“Bela Fleck was sixteen when he called me,” Tony Trischka says when asked about his connection to the more well known banjo picker. “My first album Bluegrass Light had just come out and it was a fairly progressive album. He was already playing some bluegrass and wanted to get into the more progressive stuff so his teacher at the time suggested he call me.” Even a talented picker like Trischka recognized Fleck’s abilities quickly, he says.
“It was clear pretty soon that he didn’t need lessons, so we just sat around and picked,” Trischka says, “Neither of us can remember now how long it lasted, but it wasn’t much more than a few months.”
Trischka takes the inevitable questions about Fleck in stride, though his own career has been just as widely varied, if not more so. He does acknowledge one difference between them, however.
“I’m not a jazz player—I listen to it a lot, but I never made it a part of my style; he can play jazz, obviously,” Trischka says. “I took the freedom of jazz and applied it to what I do.”
What he’s done is some pretty amazing work as both a band leader and a sideman over the years, redefining the banjo in musical terms that everyone can relate to.
“I have focused on making the banjo a truly musical instrument,” Trischka says. “People think of it as ‘Dueling Banjos’ or ‘Beverly Hillbillies’, that’s the mass consciousness of it, but the very first thing I played on a banjo was Beethoven’s ‘Ode to Joy’, because I knew the notes and wanted to hear what it sounded like. I play Bach on it, too.” To Trischka, it’s all just music, no matter what you’re playing it with.
“It is a musical instrument, so you play with the technique and the sound you can get out of the instrument—I just did a recording session with these jazz players just so they could have that flavor of the banjo on what they were doing; I play with country artists too, but sometimes they don’t want the banjo because it makes it too bluegrass.”
Trischka began playing banjo in the 1960s after seeing the popular folk group the Kingston Trio, and the instrument wasn’t that unusual to find on the radio at the time, he says.
“It was that time where folk music included bluegrass and they were doing folk music albums, hootenanny albums, to cash in on it for good reason,” Trischka says. “I heard the Kingston Trio and searched for more stuff like it and found Flat and Scruggs, Bill Monroe, and the Stanley Brothers.”
From there, he played in a number of bluegrass bands with names like the Down City Ramblers, Country Cooking, Country Granola, and Breakfast Special. A trio of solo albums were issued in the 1970s, after which Trischka spent a year as the musical leader of a Broadway show, The Robber Bridegroom. A good chunk of the 1980s saw him playing with the progressive bluegrass act Skyline and working on movie soundtracks for Foxfire and Driving Miss Daisy. Since the 1990s Trischka has released a string of solo albums and appeared countless times on public radio programs such as Prairie Home Companion and Mountain Stage. To Trischka, it’s all in a day’s work.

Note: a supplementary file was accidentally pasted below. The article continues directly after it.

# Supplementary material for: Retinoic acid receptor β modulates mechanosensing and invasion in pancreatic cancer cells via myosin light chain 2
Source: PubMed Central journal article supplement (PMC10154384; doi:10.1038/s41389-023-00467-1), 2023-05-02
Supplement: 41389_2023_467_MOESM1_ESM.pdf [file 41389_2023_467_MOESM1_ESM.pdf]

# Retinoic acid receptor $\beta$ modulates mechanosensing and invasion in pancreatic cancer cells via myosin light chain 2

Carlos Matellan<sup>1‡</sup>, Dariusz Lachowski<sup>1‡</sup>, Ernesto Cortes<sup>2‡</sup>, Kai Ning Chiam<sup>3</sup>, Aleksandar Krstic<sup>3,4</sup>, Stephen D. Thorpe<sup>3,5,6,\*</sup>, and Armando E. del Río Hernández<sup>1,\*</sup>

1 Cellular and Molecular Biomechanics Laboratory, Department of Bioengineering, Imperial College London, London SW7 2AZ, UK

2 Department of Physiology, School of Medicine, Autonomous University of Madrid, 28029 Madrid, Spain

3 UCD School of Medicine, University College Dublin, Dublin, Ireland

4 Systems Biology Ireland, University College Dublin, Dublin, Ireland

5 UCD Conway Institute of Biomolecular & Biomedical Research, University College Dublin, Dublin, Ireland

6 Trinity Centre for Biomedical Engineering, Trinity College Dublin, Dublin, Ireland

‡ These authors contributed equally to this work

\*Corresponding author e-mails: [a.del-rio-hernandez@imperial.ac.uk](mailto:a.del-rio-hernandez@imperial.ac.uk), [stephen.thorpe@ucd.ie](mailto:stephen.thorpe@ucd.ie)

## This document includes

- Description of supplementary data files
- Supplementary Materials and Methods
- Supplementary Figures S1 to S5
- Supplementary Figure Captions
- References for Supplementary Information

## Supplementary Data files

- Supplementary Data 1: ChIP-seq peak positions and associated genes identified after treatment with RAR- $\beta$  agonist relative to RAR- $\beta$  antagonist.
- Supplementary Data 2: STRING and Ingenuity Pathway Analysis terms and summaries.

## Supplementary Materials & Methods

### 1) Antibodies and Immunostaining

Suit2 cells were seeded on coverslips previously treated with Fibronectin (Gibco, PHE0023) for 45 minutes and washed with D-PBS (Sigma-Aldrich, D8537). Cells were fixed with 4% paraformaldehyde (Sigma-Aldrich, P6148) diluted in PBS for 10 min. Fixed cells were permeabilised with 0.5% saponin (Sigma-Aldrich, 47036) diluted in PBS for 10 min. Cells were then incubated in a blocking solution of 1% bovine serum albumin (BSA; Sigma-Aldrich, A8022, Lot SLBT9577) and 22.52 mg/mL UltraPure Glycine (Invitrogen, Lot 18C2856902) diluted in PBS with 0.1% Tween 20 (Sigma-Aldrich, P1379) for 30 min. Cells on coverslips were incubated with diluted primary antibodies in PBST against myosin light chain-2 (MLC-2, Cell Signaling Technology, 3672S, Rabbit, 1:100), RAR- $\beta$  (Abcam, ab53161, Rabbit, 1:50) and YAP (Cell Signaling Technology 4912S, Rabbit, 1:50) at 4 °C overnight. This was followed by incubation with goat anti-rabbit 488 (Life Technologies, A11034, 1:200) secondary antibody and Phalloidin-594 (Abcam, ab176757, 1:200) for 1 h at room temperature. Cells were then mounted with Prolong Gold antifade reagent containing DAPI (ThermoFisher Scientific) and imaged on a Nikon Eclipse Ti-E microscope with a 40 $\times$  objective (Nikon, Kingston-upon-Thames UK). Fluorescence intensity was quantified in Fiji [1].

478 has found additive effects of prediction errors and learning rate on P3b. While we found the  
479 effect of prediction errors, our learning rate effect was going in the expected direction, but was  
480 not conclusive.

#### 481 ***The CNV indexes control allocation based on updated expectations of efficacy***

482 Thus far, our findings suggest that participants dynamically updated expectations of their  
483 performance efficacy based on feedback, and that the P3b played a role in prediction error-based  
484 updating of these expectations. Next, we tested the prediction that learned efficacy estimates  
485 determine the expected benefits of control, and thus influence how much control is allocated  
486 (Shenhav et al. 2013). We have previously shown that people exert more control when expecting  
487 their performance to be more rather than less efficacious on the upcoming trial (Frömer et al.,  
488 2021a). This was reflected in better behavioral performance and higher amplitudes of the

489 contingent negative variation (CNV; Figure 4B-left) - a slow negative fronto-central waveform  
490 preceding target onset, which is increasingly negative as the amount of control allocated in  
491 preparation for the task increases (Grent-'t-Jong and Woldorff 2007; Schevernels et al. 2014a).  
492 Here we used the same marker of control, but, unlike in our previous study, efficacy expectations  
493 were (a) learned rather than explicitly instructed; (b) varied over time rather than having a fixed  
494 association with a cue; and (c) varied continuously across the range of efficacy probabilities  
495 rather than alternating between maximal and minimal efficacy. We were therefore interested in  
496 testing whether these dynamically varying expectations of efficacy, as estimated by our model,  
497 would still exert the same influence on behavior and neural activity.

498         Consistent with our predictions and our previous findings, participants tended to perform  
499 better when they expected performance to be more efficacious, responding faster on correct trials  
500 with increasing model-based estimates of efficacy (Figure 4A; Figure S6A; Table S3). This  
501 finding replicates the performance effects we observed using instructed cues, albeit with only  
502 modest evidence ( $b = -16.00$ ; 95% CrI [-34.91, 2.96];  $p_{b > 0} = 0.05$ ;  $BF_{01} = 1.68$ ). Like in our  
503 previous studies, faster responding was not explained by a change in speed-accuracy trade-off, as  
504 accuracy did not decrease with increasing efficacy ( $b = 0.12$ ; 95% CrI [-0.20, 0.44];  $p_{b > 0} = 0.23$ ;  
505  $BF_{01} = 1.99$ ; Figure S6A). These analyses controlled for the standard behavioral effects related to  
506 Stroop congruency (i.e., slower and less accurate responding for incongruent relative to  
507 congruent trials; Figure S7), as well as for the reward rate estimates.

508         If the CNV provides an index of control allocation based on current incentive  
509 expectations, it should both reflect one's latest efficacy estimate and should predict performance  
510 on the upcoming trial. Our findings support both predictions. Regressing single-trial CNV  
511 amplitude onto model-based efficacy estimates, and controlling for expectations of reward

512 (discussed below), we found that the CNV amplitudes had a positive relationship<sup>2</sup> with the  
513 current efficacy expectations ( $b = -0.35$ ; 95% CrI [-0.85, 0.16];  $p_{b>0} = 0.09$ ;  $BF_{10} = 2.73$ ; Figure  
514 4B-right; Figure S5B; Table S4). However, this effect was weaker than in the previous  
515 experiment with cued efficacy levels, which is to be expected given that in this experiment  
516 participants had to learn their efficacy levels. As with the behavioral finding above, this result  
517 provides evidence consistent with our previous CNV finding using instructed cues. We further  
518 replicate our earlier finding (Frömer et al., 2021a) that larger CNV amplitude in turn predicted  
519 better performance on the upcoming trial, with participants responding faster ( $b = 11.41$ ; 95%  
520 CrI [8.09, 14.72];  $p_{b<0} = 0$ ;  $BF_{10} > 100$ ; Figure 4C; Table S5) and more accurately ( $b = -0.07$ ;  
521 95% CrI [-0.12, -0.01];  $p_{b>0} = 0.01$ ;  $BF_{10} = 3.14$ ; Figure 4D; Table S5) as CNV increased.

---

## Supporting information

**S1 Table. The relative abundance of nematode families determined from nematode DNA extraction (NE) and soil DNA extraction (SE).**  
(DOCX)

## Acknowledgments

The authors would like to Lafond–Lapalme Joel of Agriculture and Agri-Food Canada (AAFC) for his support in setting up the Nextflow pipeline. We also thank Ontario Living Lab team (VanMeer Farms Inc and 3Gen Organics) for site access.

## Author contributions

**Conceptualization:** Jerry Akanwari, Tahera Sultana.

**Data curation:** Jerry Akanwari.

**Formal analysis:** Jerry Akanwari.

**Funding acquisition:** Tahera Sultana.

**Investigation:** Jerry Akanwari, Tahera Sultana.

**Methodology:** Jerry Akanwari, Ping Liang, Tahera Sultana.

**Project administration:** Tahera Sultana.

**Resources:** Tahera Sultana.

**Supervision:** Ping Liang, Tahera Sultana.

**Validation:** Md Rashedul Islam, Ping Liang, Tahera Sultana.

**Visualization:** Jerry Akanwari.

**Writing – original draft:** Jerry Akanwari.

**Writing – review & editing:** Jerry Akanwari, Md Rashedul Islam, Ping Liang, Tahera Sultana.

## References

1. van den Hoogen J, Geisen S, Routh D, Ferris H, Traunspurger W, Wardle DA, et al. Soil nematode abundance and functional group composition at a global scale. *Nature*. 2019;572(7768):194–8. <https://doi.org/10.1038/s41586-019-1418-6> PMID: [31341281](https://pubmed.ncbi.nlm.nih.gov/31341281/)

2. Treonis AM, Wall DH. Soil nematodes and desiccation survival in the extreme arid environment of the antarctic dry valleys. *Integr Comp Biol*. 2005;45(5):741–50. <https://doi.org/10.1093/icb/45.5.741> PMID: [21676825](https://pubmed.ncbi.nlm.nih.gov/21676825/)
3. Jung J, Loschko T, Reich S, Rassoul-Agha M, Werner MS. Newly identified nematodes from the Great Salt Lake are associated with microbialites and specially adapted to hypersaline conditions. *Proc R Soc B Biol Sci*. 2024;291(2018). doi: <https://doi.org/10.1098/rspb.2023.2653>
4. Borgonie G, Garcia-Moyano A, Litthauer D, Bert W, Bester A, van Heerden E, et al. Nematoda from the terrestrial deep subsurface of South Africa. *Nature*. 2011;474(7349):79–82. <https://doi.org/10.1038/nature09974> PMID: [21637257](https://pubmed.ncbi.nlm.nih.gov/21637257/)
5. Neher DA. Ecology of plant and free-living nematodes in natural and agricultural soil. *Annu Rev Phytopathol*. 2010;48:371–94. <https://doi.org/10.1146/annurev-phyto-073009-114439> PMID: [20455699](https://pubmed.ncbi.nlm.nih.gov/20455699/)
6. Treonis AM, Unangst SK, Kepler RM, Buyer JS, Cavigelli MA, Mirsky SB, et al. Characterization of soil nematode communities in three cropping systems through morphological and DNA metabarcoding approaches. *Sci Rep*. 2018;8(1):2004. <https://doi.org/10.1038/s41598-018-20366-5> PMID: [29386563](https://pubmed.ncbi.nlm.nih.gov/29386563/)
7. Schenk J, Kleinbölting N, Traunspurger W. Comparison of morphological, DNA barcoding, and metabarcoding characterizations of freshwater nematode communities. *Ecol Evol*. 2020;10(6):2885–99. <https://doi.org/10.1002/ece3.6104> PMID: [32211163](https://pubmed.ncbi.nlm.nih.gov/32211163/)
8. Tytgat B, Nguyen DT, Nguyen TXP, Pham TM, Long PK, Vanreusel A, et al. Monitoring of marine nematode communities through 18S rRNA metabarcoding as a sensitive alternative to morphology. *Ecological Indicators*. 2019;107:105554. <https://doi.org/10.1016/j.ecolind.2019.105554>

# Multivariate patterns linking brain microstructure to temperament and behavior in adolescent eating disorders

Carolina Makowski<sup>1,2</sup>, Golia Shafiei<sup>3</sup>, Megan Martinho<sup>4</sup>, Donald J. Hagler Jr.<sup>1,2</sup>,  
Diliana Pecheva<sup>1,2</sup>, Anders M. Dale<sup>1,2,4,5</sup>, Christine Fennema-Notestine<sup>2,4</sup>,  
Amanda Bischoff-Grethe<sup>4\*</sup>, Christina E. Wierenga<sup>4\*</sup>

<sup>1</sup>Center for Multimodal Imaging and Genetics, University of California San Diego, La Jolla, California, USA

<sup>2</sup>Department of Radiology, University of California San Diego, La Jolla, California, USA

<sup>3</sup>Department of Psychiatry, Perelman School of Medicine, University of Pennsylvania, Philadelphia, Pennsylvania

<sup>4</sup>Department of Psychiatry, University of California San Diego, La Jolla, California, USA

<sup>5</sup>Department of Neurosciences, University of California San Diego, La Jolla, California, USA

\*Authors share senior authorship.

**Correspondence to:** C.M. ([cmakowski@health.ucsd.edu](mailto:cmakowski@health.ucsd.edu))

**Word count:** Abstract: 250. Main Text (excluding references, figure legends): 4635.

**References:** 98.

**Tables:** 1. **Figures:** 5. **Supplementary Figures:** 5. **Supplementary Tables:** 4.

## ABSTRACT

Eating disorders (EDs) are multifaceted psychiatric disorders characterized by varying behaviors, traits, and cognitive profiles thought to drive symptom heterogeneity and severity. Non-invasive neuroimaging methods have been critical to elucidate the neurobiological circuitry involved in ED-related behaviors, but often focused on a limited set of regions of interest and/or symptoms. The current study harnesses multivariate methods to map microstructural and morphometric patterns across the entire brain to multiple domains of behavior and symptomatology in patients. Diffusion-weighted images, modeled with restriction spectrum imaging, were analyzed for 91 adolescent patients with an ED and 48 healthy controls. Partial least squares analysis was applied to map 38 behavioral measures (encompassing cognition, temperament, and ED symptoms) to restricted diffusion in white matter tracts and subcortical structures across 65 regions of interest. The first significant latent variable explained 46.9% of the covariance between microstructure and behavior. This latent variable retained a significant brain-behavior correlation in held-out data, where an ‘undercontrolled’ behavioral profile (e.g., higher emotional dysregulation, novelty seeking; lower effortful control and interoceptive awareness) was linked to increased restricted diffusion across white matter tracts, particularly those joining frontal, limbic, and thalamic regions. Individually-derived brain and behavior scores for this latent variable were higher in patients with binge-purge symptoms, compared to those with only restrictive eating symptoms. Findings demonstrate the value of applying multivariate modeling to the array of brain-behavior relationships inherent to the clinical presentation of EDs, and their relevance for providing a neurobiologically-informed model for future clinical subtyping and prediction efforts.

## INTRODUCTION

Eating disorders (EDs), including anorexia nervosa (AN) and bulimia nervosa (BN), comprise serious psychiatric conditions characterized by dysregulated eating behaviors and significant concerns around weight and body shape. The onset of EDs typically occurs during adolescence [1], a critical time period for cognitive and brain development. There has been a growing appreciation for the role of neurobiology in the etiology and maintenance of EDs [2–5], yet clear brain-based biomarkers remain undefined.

“I’m just really eclectic in my musical taste,” He says, “The heart of what I play is bluegrass, though I’ve played more progressive things. I was listening to the Beatles, Hendrix, the Beach Boys, but also to jazz—Miles Davis, Charlie Parker, and classical composers like Aaron Copland. I’ve been playing now for forty-five years—if it was just bluegrass I couldn’t have done it that long. I need a little variation. I’m not like Earl Scruggs, who has been playing Scruggs style since 1930, he’s still coming up with new stuff.”
Trischka’s last two projects, 2007’s Double Banjo Spectacular(Rounder) and 2008’s Territory(Smithsonian/Folkways) are typical of the genre-bending appeal his performances bring, jumping from old-time to classical and through bluegrass, country, and more.
“I had done a couple of electric albums for Rounder and wanted to do a more traditional album,” Trischka says, “They suggested the double banjo concept as a marketing thing, to sell more albums, but it was a great excuse for me to assemble a dream team of people like Earl Scruggs and Steve Martin—everybody I asked to do it was into it.”
And yes, before you ask, it is the same Steve Martin as the actor and comedian. In addition to his more well-known comedy work, Martin has been a serious banjo player for forty years. He and Trischka play a couple of songs together on the double banjo disc, including a Martin composition, “The Crow.”
“Steve is very serious about it,” Trischka says when asked about his famous friend’s musical abilities. “He writes his own tunes, and they’re beautiful—intelligent, fresh, and different.”
A comical moment of sorts occurred last year when Martin played with Trischka’s band on the television show Ellen. After their performance, the hostess came out to do the traditional post-song questions, and with her back to Trischka proceeded to pose her first queries to Martin, who politely and graciously turned the conversation toward his friend, who after all was the guy on stage with an album to promote.
“Hey, it’s Steve Martin,” Trischka says when reminded of the moment, “I’m just a banjo player.”
For ticket information on this week’s show, see the online feature at www.free-times.com, in the music section.
Here’s Trischka in action, with Steve Martin AND Bela Fleck–the guy on guitar is Michael Daves, who is playing the duo show here in town: